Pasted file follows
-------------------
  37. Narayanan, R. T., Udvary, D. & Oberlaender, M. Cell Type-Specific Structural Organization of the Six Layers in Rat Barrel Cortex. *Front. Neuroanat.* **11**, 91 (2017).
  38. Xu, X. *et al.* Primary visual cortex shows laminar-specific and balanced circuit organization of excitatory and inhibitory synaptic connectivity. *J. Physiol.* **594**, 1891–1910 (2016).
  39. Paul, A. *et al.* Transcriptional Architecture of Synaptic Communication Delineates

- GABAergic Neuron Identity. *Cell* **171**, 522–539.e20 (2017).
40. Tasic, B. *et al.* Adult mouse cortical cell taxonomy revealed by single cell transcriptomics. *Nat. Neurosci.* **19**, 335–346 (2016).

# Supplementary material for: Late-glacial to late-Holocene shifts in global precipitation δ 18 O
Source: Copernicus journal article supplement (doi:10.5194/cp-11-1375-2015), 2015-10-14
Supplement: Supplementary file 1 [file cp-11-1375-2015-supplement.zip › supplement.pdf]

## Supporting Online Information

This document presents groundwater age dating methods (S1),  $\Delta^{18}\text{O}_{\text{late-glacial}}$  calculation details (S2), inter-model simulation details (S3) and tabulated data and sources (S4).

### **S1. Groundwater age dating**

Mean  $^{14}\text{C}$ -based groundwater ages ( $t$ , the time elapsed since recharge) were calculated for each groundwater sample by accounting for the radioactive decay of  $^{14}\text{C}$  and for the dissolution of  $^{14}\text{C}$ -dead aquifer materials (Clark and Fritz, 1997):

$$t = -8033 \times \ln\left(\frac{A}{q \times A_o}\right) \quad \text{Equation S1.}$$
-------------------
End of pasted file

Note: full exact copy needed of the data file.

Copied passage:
  37. Narayanan, R. T., Udvary, D. & Oberlaender, M. Cell Type-Specific Structural Organization of the Six Layers in Rat Barrel Cortex. *Front. Neuroanat.* **11**, 91 (2017).
  38. Xu, X. *et al.* Primary visual cortex shows laminar-specific and balanced circuit organization of excitatory and inhibitory synaptic connectivity. *J. Physiol.* **594**, 1891–1910 (2016).
  39. Paul, A. *et al.* Transcriptional Architecture of Synaptic Communication Delineates

- GABAergic Neuron Identity. *Cell* **171**, 522–539.e20 (2017).
40. Tasic, B. *et al.* Adult mouse cortical cell taxonomy revealed by single cell transcriptomics. *Nat. Neurosci.* **19**, 335–346 (2016).

# Supplementary material for: Late-glacial to late-Holocene shifts in global precipitation δ 18 O
Source: Copernicus journal article supplement (doi:10.5194/cp-11-1375-2015), 2015-10-14
Supplement: Supplementary file 1 [file cp-11-1375-2015-supplement.zip › supplement.pdf]

## Supporting Online Information

This document presents groundwater age dating methods (S1),  $\Delta^{18}\text{O}_{\text{late-glacial}}$  calculation details (S2), inter-model simulation details (S3) and tabulated data and sources (S4).

### **S1. Groundwater age dating**

Mean  $^{14}\text{C}$ -based groundwater ages ( $t$ , the time elapsed since recharge) were calculated for each groundwater sample by accounting for the radioactive decay of  $^{14}\text{C}$  and for the dissolution of  $^{14}\text{C}$ -dead aquifer materials (Clark and Fritz, 1997):

$$t = -8033 \times \ln\left(\frac{A}{q \times A_o}\right) \quad \text{Equation S1.}$$